FACTS—Set One A San Diego regional authority can assist in solving the homeless problem.

Fact: In September 2006 the Plan to End Chronic Homeless (PTECH) in the San Diego region was published. The PTECH plan was organized by the United Way with the cooperation of leaders representing all areas of the County of San Diego. The PTECH plan is a collaborative effort recommending solutions for homelessness in San Diego.

Fact: The PTECH plans to establish a Homes First/Housing Plus (first provide the homeless with shelter, then add social services including medical care, mental health and employment counseling.) The PTECH model has limited public and private funding.

SAN DIEGO COUNTY GRAND JURY 2009/2010 (filed May 17, 2010)


Finding #01: Homelessness in San Diego County is a region-wide problem that calls for region-wide solutions.

Finding #02: Homelessness in the City of San Diego is an ongoing issue in the downtown area and is most apparent in the East Village neighborhood.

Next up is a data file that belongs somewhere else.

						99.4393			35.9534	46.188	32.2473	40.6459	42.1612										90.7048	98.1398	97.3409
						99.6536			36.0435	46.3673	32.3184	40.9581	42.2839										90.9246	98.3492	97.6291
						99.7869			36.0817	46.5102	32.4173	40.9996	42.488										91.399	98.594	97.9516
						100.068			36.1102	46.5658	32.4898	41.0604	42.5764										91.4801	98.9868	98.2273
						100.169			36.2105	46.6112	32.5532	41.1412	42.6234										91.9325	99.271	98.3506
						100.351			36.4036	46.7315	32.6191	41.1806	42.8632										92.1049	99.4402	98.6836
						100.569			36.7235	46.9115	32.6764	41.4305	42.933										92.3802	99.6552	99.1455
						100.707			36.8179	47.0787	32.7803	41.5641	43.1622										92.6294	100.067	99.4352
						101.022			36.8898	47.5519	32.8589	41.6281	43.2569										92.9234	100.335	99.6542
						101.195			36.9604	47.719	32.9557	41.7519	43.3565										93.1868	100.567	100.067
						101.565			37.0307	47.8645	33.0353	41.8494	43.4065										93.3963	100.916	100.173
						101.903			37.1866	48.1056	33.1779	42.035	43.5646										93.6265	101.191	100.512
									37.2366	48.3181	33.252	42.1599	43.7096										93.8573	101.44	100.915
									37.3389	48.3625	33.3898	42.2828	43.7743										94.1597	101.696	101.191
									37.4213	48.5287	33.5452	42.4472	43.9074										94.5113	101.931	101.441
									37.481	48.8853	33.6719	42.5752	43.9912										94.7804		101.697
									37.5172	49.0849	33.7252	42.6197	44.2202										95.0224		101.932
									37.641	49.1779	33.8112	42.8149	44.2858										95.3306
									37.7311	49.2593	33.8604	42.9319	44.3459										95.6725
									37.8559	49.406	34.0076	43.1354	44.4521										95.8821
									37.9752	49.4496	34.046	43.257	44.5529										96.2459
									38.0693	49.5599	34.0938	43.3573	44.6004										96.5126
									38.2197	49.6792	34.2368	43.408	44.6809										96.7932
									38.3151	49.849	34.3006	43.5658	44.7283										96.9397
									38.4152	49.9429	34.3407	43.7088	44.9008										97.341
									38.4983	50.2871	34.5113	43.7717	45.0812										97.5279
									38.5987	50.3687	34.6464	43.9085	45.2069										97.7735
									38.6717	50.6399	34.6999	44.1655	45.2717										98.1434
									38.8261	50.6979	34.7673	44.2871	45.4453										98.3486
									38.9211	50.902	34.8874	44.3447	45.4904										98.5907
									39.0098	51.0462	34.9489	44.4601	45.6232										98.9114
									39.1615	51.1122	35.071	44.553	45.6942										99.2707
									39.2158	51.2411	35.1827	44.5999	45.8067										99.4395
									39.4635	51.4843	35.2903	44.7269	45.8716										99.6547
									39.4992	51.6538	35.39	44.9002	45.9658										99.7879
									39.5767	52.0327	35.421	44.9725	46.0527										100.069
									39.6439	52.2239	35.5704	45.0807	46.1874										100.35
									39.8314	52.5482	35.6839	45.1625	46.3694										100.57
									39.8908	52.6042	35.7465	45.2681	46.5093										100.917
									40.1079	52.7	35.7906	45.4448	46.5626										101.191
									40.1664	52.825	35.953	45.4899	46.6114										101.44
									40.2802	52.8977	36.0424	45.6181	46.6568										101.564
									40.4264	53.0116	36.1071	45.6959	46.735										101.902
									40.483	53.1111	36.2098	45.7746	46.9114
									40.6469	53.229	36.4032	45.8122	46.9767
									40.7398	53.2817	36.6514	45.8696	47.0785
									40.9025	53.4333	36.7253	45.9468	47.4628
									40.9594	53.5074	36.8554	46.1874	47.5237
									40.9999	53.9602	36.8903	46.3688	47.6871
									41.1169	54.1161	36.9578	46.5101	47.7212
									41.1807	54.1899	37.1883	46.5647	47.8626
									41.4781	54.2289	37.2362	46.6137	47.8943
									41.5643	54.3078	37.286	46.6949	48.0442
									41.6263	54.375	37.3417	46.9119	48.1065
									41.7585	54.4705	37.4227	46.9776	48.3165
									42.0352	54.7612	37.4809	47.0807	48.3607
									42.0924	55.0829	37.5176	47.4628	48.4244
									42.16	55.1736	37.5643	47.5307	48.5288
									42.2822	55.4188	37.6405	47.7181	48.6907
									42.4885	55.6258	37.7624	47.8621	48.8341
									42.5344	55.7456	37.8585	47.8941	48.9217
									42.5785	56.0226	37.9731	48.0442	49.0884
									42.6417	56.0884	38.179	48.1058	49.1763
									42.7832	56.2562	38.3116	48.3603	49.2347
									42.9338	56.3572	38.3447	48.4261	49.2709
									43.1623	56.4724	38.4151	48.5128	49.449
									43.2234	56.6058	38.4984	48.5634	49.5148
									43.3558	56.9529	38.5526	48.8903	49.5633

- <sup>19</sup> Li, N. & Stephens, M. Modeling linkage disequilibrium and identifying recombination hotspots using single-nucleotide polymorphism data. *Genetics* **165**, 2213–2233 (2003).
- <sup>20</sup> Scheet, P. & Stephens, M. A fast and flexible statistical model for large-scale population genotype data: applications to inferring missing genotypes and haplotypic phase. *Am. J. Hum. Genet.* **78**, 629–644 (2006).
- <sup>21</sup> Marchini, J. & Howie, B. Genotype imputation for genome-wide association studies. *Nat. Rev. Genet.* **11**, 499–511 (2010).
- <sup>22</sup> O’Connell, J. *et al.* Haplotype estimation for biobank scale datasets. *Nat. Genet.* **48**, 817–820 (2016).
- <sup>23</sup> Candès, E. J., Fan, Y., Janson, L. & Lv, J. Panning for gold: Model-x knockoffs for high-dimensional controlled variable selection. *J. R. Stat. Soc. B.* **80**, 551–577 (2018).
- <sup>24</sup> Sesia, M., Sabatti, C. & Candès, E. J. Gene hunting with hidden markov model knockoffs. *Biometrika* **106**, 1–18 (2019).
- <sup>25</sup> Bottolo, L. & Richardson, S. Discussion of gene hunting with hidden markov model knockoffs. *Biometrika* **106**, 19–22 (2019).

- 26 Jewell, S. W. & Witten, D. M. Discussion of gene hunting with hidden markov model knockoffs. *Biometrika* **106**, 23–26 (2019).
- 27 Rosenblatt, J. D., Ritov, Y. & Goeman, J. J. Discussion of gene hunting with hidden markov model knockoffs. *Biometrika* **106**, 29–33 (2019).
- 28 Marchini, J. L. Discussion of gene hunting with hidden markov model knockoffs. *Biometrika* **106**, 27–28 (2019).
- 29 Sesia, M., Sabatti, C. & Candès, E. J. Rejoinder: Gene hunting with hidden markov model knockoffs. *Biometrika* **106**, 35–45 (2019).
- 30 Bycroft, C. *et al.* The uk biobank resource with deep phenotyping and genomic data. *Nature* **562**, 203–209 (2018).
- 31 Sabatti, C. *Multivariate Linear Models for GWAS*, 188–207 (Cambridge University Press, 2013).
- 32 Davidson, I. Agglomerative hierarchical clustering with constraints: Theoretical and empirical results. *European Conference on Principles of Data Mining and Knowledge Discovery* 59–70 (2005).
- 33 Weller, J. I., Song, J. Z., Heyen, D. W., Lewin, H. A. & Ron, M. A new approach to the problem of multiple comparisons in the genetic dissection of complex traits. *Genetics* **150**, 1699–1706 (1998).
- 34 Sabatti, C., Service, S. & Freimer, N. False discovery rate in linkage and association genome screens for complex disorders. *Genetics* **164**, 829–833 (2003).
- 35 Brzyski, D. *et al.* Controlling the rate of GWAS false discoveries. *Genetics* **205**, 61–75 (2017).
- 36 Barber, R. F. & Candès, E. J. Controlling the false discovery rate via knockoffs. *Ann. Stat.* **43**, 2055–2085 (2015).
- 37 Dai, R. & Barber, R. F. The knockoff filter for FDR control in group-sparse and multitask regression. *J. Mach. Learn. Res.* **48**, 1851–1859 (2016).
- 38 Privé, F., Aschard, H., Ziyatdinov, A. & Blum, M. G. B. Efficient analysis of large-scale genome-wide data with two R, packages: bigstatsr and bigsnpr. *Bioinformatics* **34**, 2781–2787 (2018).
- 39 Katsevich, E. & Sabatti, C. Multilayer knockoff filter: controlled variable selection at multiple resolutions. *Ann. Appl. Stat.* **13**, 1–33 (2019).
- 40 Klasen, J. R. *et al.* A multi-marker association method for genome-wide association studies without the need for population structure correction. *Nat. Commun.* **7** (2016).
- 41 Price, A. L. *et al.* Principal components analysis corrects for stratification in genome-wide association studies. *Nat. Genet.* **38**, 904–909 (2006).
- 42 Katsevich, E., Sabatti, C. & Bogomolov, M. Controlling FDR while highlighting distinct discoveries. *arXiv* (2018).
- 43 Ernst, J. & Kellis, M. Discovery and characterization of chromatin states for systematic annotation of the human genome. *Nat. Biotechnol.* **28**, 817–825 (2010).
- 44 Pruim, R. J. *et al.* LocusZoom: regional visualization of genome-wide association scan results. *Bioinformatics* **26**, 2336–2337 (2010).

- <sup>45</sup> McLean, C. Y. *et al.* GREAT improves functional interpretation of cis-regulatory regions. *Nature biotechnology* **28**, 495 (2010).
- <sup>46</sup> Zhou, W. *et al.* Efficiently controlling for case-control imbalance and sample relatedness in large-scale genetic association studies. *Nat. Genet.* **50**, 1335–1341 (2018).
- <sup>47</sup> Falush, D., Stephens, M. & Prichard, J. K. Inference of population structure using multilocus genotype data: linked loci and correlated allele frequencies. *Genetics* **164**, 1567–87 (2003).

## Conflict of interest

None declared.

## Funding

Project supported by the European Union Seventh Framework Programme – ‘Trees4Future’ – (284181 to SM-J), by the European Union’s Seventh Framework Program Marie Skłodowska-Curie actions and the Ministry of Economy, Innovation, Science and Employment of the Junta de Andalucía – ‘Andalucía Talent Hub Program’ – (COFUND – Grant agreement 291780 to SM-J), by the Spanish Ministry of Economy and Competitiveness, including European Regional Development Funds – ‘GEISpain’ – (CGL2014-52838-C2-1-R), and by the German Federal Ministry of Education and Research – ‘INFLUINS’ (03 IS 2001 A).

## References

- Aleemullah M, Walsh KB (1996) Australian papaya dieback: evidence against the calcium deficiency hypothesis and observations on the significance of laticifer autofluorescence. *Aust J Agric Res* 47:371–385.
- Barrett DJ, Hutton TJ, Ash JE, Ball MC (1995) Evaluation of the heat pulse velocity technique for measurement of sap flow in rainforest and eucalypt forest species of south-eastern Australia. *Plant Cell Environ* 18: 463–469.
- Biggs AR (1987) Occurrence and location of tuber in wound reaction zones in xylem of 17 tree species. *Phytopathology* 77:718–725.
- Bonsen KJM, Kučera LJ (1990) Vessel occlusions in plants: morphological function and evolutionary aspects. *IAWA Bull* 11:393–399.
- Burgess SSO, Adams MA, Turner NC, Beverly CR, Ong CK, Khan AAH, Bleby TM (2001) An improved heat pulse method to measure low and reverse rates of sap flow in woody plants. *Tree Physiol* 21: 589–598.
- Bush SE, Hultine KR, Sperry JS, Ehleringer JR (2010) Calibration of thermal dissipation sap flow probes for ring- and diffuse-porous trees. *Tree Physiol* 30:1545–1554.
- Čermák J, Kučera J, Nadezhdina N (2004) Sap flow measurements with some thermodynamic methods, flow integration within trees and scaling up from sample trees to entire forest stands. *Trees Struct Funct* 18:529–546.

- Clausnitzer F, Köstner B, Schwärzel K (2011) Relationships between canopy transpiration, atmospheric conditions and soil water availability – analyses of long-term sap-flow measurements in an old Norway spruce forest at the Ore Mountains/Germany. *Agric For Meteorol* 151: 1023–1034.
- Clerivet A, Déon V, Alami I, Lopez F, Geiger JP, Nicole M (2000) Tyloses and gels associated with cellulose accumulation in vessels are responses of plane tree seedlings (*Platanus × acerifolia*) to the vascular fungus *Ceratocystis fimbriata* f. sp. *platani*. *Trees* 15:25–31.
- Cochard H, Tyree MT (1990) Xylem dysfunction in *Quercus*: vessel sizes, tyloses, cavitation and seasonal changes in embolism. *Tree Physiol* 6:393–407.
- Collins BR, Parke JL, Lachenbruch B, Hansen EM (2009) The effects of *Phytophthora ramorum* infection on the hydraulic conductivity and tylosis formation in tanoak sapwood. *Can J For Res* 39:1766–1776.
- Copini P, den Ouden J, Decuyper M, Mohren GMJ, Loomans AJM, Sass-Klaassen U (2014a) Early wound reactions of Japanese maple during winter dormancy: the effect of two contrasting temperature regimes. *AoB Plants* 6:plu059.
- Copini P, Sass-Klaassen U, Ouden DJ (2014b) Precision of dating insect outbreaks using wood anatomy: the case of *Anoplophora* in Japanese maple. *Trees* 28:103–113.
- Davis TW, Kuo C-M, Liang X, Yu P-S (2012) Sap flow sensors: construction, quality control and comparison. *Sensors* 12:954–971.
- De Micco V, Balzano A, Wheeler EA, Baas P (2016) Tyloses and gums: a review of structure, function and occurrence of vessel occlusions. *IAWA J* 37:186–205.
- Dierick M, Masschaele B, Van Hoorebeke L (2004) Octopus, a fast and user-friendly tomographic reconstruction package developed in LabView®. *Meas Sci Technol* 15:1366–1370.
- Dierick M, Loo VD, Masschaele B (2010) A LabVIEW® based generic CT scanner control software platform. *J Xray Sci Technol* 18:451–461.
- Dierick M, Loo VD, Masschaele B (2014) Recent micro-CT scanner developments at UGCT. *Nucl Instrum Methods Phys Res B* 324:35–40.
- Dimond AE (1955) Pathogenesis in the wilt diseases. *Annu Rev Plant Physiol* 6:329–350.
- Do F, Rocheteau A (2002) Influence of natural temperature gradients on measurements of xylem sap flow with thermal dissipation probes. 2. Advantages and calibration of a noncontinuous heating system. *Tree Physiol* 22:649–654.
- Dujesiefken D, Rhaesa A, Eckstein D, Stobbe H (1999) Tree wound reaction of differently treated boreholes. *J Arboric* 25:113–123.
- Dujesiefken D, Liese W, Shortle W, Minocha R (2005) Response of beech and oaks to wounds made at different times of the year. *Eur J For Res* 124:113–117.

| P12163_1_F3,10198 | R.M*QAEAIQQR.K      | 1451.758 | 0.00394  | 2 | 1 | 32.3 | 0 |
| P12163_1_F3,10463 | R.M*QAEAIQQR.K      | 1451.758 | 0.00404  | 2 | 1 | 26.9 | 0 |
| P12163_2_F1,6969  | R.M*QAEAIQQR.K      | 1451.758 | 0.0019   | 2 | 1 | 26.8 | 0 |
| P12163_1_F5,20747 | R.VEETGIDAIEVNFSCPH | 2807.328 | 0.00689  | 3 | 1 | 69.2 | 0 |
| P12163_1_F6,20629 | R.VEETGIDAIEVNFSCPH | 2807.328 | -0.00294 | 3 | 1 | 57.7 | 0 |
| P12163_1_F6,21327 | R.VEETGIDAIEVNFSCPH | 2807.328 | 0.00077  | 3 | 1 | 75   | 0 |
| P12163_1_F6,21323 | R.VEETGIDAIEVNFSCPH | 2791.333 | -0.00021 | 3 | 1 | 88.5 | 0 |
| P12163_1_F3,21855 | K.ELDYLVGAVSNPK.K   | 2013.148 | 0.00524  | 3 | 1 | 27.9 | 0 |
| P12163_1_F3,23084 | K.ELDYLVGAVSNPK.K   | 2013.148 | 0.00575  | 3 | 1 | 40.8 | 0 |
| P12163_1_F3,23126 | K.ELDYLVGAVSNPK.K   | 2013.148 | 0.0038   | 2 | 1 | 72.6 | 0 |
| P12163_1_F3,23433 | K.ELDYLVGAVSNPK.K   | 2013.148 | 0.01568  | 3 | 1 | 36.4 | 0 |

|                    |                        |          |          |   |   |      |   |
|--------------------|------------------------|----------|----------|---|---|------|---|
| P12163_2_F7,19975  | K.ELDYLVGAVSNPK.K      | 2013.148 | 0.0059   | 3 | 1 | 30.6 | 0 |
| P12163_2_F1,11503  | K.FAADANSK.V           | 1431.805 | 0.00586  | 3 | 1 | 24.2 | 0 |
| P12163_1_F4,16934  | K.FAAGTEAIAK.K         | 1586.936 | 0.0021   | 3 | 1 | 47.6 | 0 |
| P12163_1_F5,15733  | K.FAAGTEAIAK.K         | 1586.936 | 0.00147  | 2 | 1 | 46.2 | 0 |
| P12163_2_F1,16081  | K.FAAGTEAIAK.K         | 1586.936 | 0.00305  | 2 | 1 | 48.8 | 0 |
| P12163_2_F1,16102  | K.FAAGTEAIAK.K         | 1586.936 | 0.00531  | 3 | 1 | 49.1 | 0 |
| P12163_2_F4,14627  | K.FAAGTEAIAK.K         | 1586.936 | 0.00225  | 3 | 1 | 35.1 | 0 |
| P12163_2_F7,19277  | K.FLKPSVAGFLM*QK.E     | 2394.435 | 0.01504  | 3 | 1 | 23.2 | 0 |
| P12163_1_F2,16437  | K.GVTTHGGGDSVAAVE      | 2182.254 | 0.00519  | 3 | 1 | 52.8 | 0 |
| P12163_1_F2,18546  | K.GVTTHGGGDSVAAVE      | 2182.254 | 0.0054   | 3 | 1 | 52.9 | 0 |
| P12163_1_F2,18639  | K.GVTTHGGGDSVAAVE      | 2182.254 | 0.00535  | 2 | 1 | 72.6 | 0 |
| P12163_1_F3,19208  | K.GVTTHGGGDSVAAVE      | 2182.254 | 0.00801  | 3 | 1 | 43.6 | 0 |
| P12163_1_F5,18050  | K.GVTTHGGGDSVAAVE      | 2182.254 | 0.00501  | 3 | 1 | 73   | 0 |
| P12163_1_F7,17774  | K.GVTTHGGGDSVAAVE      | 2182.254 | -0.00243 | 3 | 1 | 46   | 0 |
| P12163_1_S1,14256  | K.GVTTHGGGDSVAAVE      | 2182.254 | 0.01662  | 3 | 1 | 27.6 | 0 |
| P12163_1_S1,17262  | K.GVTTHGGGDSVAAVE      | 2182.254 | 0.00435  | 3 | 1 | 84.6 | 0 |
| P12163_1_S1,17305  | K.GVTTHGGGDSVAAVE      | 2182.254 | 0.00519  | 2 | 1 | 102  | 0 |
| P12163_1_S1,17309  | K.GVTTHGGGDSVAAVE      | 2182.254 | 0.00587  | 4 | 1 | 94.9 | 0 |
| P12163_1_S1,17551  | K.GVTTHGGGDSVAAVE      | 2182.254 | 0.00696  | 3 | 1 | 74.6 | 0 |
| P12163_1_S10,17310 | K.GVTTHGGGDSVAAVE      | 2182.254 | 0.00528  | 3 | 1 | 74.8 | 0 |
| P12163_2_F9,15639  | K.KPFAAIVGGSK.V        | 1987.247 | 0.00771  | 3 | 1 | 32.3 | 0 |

Finding #03: The PTECH report identified many of the homelessness problems and their solutions; however, the lack of an ongoing source of funding has limited the implementation of the Housing First/Housing Plus Plan.

Finding #04: The San Diego region has numerous resources to reduce the impact of homelessness in the community. It is necessary for San Diego governments, homeless service providers and advocates, religious groups, business leaders, and citizens to work cooperatively.


A regional homeless authority is needed to streamline the facility planning and construction, to coordinate the public and private social support services, and to pool funding for a Homes First/Housing Plus Model. A regional authority will require the assistance of a consortium of community leaders in order to be successful.

The following recommendations outline two options for setting up a regional authority:

1. A Joint Powers Authority (JPA) led by the City and the County of San Diego

2. The San Diego Association of Governments (SANDAG) The 2009/2010 San Diego County Grand Jury recommends that the Mayor of the City of San Diego, the City Council of the City of San Diego, and the Board of

Supervisors of the County of San Diego: